In this connection, a memo to the Patent Examining Corps from Andrew H. Hirshfeld, deputy commissioner for patent examination policy, provides insight into the thinking of the PTO. Written on June 13, 2013—the same day as the Court issued its decision in Myriad Genetics, the memo instructs patent examiners at the PTO to “reject product claims drawn solely to naturally occurring nucleic acids or fragments thereof, whether isolated or not.” But, the memo goes on to state that “(o)ther claims, including method claims that involve naturally occurring nucleic acids may give rise to eligibility issues and should be examined under the existing guidance in MPEP 2016, Patent Subject Matter Eligibility.” In other words, method claims will have to be evaluated on a case-by-case basis. Until there have been judicial decisions on the patentability of methods using extracted or synthesized DNA, it is too early to know whose claims of victory will turn out to be correct.
Two related questions are whether isolated DNA that has been radiolabeled for use as primers or probes—or isolated DNA that has had its nucleotide sequences altered—will be held to be patentable. The June 13 memo to the Patent Examining Corps suggests that at least the PTO considers such DNA to be patent eligible:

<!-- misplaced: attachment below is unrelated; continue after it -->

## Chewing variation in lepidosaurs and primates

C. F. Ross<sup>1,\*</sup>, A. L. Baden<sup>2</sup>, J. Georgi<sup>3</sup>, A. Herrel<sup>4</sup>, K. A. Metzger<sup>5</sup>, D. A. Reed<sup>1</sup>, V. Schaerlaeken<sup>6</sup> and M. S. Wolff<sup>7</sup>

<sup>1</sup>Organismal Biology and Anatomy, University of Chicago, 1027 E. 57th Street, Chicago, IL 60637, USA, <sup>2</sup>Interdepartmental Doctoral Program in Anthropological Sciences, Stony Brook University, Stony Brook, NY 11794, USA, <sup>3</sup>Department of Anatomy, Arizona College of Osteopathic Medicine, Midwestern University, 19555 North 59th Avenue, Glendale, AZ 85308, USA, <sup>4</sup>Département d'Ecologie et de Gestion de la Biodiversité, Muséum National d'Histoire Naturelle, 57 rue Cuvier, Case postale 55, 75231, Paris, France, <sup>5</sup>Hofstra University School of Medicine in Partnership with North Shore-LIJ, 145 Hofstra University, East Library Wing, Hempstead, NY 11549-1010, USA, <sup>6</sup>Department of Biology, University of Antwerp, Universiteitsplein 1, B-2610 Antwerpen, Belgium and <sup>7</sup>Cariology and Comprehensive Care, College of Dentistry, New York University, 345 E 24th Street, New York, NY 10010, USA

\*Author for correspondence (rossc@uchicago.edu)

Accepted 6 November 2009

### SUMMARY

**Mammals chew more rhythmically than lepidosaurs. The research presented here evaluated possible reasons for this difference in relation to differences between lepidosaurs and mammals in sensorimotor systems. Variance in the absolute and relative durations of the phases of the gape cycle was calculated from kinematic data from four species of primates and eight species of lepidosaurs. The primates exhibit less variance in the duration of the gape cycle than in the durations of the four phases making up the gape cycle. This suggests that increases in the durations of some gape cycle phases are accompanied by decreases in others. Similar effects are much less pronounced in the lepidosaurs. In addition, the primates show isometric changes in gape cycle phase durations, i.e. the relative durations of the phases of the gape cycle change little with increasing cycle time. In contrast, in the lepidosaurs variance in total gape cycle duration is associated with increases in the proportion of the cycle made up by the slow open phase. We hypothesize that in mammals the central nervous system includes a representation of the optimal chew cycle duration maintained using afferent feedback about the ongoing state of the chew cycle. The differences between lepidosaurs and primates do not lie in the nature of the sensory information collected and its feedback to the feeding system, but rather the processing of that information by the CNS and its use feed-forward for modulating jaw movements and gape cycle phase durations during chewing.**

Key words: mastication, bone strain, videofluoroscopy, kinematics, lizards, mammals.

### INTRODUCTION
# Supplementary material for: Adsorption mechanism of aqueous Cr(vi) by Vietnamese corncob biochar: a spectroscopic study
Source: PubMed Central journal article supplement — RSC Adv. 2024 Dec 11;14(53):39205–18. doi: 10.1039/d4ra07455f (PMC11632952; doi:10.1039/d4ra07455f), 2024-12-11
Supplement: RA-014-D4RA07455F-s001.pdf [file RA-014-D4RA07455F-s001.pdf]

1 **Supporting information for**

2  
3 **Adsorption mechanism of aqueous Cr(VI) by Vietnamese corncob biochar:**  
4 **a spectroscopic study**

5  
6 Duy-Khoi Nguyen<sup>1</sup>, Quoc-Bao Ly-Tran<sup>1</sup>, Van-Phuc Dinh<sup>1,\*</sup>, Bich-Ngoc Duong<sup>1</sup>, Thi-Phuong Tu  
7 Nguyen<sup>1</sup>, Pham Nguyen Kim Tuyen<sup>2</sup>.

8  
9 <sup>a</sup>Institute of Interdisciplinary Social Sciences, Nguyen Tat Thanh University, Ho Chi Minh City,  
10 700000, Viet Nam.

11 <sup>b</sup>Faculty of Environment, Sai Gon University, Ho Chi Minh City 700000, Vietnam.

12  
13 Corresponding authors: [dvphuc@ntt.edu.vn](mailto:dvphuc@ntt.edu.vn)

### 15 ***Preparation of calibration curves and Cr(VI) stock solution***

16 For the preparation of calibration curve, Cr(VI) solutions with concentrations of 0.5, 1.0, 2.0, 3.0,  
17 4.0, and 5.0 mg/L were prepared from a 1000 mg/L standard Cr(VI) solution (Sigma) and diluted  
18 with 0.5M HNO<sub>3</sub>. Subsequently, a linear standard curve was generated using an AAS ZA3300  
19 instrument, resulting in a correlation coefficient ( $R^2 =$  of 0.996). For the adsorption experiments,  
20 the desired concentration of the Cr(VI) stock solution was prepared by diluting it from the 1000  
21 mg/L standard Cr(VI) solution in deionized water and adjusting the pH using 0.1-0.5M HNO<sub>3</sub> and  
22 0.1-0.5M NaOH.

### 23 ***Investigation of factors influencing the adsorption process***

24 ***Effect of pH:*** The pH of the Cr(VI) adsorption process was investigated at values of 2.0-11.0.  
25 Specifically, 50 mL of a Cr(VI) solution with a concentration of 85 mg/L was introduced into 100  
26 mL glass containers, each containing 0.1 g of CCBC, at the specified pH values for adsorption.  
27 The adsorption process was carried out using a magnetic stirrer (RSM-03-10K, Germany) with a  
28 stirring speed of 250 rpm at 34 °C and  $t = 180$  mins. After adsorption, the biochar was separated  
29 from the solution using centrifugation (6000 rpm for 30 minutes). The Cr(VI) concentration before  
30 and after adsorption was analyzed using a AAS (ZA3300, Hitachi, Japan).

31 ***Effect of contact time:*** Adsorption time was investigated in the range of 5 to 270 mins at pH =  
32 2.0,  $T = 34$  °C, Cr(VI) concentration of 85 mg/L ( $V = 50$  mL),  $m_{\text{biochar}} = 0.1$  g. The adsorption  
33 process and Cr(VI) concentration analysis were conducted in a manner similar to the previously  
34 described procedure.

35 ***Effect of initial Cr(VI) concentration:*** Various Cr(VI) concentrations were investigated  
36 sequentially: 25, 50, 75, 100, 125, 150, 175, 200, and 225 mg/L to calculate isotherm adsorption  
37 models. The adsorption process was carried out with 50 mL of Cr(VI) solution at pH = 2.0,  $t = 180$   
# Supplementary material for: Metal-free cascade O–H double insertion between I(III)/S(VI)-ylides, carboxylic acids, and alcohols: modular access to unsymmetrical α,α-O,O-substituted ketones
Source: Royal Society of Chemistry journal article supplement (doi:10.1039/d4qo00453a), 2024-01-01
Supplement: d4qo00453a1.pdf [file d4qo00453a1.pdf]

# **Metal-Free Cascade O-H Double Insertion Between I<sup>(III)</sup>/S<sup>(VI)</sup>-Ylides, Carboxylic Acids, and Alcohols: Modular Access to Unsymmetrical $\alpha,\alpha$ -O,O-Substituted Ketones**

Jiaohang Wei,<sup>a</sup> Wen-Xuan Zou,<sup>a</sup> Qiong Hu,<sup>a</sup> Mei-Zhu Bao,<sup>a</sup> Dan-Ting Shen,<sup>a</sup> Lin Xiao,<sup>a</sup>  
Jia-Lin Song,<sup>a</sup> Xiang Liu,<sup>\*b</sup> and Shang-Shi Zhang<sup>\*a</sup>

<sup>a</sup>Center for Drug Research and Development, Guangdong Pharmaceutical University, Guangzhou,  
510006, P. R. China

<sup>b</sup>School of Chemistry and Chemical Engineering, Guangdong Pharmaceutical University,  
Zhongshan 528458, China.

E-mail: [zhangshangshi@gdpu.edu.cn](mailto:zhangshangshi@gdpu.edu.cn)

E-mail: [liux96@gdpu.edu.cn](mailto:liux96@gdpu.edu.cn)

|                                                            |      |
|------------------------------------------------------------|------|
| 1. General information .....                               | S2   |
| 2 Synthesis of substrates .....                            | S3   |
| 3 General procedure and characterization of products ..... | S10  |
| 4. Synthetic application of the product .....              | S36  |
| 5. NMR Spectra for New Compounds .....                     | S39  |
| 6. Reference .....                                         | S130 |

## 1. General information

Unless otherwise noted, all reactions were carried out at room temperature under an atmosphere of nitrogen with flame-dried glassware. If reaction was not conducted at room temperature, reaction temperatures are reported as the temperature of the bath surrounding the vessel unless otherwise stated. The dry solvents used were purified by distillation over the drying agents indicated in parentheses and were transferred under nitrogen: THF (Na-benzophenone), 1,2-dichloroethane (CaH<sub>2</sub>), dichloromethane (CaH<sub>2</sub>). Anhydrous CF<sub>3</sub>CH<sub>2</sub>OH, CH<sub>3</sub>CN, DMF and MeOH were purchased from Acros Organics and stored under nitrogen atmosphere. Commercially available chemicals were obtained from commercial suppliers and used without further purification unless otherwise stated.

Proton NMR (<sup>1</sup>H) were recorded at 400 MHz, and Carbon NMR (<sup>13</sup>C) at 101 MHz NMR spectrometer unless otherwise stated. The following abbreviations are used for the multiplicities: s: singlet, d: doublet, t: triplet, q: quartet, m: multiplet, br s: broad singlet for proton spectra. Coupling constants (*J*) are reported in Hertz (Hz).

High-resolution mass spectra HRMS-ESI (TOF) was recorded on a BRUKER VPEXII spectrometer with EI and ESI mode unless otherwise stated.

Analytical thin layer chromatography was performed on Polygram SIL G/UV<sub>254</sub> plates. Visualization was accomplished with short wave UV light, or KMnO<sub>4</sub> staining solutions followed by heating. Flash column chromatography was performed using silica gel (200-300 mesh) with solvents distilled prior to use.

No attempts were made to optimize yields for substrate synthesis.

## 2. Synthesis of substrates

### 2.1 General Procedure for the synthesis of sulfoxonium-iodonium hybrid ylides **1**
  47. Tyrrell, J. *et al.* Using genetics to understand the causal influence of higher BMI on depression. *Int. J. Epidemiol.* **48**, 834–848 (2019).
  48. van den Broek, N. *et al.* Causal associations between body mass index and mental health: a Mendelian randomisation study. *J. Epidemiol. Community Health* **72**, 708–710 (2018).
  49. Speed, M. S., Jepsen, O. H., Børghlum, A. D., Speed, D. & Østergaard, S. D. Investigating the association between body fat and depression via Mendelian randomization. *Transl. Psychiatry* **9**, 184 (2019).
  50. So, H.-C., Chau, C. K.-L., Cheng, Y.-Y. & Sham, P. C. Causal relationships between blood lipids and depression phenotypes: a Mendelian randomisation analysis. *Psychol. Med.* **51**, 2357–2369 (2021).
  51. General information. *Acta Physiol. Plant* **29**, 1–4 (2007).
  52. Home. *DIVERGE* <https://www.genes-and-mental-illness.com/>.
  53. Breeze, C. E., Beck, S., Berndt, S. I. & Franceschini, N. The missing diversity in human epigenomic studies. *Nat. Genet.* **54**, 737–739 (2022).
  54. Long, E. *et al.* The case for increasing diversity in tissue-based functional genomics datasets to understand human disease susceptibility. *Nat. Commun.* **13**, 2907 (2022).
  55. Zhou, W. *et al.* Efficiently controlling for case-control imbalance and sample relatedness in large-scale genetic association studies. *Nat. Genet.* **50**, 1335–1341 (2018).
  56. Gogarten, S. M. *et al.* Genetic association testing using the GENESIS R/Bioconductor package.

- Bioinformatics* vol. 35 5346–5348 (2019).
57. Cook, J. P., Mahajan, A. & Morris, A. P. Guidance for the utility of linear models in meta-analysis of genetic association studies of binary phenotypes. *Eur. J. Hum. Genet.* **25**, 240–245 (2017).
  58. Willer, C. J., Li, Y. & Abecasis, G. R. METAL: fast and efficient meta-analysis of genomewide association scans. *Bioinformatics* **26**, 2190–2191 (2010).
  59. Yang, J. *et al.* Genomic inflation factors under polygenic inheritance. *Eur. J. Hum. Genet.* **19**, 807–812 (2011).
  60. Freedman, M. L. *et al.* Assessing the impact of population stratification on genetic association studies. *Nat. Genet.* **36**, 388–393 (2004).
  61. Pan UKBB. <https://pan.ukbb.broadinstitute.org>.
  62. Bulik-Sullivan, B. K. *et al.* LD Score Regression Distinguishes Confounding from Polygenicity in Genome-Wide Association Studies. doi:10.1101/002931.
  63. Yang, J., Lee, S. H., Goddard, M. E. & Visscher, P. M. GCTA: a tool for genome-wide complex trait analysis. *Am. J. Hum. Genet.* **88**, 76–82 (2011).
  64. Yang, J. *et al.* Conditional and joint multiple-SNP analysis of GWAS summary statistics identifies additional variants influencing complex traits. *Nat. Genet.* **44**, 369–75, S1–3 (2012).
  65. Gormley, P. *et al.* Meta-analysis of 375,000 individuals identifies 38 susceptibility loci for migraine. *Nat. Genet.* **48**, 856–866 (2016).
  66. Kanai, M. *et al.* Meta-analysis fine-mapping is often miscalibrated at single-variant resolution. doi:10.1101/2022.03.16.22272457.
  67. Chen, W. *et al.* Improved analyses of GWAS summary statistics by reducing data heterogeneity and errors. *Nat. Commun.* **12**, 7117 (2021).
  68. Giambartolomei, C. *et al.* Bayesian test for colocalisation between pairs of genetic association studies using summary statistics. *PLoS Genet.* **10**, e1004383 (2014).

“Claims clearly limited to non-naturally-occurring nucleic acids, such as a cDNA or a nucleic acid in which the order of the naturally-occurring nucleotides has been altered (e.g. a man-made variant sequence), remain eligible.”
However, as the decision in Myriad Genetics confirms, the PTO is hardly the last word on these issues. Moreover, even if coded DNA or altered DNA sequences are deemed to be the work of human beings and therefore patent eligible, patents on these items may, or may not, survive scrutiny under tests for novelty and non-obviousness.